Not So Ordoliberal after All? Public Management and the Transformation of European Governance

    • Lucca November 2017
    • Presentation speakers
      • Ian Alexander Lovering, University of Sussex, UK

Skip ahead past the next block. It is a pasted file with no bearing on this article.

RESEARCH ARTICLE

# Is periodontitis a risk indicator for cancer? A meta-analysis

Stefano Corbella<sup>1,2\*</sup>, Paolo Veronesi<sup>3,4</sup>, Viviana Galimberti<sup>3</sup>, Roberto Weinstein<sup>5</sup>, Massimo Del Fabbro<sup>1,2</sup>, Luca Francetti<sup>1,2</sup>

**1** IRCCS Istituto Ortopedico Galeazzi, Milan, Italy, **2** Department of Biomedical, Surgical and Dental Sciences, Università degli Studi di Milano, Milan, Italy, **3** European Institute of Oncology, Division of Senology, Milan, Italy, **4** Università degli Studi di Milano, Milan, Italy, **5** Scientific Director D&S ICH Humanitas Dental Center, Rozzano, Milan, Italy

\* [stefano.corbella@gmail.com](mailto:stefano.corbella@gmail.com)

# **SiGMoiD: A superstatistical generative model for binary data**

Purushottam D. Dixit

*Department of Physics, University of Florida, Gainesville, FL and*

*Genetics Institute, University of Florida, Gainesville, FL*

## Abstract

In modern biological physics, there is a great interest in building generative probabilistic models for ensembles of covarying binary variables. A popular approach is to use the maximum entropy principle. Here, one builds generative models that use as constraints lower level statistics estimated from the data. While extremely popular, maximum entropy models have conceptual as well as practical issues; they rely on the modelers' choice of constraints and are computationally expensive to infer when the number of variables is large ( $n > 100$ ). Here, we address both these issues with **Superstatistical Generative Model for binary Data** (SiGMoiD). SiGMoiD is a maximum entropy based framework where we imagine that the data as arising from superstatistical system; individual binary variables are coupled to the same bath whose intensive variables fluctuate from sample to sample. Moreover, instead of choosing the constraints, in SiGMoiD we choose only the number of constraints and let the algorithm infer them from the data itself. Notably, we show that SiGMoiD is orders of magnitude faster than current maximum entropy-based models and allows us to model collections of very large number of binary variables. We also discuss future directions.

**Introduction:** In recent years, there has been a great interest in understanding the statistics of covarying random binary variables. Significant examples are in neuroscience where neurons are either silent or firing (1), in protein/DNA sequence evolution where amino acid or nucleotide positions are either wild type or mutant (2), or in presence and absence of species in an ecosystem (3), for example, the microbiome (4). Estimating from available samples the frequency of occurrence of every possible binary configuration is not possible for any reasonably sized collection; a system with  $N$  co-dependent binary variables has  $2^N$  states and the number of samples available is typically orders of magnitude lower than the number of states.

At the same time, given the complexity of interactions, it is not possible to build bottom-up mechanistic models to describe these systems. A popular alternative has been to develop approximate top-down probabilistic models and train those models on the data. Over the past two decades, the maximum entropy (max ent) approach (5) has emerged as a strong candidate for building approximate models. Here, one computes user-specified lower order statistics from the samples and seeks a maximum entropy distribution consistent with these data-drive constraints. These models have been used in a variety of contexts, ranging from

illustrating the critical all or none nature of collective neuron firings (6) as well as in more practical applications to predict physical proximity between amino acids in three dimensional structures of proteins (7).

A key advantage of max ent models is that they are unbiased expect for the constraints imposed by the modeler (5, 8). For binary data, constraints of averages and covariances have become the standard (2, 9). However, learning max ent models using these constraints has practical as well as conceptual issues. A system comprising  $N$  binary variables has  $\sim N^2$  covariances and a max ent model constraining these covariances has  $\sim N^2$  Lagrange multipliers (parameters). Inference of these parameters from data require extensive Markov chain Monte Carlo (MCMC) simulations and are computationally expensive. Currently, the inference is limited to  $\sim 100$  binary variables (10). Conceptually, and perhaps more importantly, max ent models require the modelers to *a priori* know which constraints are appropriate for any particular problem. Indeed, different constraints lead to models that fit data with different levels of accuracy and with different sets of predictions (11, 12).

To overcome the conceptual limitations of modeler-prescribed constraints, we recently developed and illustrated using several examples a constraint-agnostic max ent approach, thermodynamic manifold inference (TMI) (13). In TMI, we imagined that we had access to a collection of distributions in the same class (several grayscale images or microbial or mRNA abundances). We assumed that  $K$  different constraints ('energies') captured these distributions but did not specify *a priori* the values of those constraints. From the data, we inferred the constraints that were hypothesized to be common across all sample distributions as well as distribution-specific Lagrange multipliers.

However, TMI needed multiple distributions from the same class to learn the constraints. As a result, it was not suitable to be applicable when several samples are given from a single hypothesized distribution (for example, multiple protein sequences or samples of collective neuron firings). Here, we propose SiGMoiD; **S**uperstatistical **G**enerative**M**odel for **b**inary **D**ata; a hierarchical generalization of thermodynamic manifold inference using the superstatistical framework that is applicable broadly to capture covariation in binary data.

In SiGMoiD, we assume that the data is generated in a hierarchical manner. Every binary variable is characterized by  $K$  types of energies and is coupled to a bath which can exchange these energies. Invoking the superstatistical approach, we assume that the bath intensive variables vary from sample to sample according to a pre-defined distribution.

The financial and economic crisis of the Eurozone in recent years triggered punitive and invasive political interventions at a range of governmental levels – from technocratic governments imposed in Italy and Greece, to the mandating of austerity measures via Eurozone bailouts. For critical scholars of integration, this shift in European governance has been seen as a new phase of neoliberalism in the European Union. In particular, the strengthening of debt and deficit rules in EMU has been seen as the intensification of an ‘Ordoliberal’ Europe. In contrast, this paper argues that understanding the practice of European governance through the lens of neo/ordoliberal theory and history is less than straightforward. Shifts in European economic governance arguably go beyond the specific form of state intervention envisaged by neo/ordoliberal theory. The reliance, for example, on data analysis within a supranational economic surveillance regime (i.e. European Semester) contradicts a Hayekian belief in the fallibility of governmental knowledge. Neoliberalism, therefore, arguably provides only a partial explanation for recent governance shifts. In contrast, this paper will argue that a connected, yet distinct, movement of ‘public management’ has played a central role in transforming European governance in recent years. Despite being typically reduced to the ‘technical’ side of neoliberalism, public management possesses a distinct historical lineage, stemming from the US military, and philosophical basis, as a decision-making science. By drawing on the lineage of public management, the paper argues that we should understand the nature of Europe governance today not just as constricting national state action through the deepening of rules (as implied by ordoliberal theory), but rather the reverse: the centralisation of increasingly discretionary power away from established democratic centres and into technocratic and executive bodies.